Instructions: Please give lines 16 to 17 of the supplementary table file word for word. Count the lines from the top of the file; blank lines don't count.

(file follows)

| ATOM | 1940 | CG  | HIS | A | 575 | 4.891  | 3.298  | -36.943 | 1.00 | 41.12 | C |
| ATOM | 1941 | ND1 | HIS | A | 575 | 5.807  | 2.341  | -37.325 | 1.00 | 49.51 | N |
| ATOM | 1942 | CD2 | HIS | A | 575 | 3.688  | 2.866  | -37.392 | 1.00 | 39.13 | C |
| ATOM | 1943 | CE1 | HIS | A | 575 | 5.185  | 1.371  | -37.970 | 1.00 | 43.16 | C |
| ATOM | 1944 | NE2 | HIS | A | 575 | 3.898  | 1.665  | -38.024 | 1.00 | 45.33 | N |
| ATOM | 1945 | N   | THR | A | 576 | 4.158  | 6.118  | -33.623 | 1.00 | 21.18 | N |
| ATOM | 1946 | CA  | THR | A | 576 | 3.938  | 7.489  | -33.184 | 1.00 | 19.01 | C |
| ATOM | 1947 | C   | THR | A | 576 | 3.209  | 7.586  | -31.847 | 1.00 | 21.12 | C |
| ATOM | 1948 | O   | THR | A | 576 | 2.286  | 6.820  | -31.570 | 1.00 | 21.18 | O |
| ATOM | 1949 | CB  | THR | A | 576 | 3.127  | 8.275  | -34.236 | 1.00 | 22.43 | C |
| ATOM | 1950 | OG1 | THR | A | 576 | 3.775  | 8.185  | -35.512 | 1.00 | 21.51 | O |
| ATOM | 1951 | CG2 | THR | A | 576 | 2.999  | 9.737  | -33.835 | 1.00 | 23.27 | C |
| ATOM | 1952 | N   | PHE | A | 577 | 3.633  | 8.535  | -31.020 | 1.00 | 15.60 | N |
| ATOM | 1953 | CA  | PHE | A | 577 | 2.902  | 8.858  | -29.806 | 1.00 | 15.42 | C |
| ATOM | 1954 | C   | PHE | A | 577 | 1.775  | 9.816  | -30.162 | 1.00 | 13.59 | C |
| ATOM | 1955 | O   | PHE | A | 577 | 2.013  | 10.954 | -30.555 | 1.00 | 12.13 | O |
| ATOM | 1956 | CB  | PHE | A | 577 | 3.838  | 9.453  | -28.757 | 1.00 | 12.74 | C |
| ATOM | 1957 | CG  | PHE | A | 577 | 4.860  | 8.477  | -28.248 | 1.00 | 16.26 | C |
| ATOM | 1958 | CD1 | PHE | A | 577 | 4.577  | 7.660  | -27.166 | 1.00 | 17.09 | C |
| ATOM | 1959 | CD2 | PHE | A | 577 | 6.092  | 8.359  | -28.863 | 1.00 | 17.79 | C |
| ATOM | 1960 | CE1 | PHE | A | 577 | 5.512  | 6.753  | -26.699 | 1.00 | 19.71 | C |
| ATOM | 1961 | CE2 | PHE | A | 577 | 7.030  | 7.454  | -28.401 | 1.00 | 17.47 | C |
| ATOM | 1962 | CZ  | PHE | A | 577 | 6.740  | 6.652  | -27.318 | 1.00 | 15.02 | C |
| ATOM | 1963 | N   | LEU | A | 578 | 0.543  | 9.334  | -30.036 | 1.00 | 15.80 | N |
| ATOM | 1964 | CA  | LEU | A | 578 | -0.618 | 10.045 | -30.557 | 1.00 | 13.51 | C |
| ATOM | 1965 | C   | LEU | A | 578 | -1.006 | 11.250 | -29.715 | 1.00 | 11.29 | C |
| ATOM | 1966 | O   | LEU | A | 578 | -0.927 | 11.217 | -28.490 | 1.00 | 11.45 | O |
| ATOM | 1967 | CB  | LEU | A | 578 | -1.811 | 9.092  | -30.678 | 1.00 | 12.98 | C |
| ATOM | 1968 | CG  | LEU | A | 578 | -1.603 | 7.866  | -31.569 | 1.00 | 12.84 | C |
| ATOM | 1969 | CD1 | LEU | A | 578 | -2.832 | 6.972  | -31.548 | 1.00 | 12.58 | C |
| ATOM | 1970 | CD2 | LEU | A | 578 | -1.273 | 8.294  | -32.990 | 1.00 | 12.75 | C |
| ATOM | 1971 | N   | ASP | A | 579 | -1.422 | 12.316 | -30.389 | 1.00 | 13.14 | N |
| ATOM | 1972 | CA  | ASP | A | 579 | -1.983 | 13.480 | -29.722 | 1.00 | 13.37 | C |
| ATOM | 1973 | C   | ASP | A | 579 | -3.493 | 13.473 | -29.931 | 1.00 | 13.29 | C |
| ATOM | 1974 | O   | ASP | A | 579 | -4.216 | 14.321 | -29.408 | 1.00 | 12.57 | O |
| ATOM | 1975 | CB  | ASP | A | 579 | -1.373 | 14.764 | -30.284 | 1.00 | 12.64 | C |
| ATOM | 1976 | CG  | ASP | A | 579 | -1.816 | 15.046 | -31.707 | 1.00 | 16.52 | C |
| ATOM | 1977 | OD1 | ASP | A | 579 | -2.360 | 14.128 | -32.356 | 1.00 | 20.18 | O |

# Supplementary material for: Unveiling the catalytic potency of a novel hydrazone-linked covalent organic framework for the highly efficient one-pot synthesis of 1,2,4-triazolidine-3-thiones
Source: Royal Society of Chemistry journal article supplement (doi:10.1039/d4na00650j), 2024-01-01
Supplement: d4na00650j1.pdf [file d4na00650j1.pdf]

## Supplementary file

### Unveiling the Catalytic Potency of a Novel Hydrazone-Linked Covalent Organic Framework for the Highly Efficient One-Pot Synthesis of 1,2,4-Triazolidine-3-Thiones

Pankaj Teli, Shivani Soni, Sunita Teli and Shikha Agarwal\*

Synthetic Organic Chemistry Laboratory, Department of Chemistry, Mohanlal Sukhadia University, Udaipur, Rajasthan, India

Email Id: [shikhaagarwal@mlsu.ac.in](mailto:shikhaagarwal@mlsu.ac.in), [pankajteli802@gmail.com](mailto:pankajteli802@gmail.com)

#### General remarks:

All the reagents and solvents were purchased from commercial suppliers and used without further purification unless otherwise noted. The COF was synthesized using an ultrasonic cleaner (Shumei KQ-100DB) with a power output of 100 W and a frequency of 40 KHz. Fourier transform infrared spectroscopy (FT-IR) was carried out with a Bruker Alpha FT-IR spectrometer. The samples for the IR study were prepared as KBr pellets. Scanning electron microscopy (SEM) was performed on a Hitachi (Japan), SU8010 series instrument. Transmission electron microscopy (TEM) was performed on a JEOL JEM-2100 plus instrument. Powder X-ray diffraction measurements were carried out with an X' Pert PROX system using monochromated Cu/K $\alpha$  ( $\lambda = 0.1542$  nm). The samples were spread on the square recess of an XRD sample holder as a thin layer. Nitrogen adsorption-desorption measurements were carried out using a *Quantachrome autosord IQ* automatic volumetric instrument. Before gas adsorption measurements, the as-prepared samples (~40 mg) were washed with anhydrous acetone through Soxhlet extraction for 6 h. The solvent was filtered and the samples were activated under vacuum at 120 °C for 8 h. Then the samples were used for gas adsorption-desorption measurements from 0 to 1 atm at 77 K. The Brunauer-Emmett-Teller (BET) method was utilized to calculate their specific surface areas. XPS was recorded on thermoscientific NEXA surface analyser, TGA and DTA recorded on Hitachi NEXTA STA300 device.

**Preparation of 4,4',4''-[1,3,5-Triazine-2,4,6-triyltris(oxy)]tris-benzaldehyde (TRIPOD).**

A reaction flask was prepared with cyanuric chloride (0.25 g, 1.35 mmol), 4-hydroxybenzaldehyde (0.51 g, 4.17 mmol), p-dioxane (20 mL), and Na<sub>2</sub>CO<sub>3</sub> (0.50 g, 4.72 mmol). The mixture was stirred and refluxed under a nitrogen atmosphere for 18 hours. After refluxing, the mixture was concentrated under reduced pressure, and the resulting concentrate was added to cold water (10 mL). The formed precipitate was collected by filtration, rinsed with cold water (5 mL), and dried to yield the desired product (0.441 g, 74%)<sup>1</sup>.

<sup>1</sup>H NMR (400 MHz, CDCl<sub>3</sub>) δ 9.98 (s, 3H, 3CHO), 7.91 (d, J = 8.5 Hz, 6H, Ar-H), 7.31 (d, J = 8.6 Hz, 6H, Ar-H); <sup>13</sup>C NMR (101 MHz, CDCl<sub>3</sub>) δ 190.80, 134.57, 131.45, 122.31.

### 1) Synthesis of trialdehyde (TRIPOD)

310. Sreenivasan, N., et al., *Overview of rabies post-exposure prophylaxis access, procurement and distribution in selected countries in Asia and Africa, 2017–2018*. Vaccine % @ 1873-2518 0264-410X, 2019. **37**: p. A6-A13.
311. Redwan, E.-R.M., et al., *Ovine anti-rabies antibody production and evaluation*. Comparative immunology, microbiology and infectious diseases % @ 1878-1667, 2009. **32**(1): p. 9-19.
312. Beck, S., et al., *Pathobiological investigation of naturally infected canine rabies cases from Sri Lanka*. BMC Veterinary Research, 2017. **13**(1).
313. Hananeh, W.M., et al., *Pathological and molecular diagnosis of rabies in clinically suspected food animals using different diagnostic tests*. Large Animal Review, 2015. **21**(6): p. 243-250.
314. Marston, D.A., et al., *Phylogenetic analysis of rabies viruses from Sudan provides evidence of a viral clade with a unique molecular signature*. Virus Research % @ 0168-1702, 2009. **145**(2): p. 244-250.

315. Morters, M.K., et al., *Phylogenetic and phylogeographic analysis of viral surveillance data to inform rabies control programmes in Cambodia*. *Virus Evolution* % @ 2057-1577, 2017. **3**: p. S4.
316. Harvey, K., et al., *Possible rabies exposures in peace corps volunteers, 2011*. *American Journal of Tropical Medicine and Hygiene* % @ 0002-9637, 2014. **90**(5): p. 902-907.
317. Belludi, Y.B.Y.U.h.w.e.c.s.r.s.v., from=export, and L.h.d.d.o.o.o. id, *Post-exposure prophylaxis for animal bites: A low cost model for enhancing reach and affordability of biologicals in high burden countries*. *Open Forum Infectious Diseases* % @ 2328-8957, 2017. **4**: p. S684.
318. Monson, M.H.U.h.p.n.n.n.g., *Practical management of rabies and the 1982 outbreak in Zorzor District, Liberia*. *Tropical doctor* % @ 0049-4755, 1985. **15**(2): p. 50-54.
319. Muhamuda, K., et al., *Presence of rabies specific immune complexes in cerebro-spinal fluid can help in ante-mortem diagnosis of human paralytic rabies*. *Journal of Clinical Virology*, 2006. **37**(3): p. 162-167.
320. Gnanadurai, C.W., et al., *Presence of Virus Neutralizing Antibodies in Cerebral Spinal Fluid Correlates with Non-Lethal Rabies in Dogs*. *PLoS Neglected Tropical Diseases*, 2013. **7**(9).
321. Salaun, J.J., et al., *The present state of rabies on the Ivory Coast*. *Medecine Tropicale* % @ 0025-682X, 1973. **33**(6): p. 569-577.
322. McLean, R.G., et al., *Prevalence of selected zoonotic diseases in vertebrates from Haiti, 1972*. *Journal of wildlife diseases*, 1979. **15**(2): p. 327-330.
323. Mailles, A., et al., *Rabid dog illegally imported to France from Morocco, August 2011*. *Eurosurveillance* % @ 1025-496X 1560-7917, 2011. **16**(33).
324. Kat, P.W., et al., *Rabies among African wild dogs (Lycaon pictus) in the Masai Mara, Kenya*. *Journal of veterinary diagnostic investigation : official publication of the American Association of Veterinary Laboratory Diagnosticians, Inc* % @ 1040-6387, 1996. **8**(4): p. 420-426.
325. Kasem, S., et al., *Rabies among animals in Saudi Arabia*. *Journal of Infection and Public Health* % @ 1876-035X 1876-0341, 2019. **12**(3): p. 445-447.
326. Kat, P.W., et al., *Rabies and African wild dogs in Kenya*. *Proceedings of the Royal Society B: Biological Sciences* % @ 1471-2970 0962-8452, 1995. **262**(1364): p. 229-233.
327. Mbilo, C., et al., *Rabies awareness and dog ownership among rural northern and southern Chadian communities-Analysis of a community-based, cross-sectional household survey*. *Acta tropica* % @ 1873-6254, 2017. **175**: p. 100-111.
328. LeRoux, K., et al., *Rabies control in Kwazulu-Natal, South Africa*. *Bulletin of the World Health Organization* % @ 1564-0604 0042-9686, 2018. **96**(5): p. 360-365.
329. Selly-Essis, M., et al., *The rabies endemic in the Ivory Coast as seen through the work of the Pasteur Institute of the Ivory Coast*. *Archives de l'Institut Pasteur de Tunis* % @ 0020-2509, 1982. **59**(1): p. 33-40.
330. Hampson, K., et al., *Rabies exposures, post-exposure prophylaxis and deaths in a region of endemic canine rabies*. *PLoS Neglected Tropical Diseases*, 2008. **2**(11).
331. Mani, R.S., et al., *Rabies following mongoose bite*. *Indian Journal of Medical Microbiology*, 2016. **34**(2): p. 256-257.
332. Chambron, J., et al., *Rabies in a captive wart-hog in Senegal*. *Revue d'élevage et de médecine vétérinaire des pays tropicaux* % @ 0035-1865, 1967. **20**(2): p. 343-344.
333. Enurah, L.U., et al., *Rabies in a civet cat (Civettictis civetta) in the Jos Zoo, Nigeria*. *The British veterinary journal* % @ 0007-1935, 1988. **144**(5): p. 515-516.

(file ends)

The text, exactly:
| ATOM | 1955 | O   | PHE | A | 577 | 2.013  | 10.954 | -30.555 | 1.00 | 12.13 | O |
| ATOM | 1956 | CB  | PHE | A | 577 | 3.838  | 9.453  | -28.757 | 1.00 | 12.74 | C |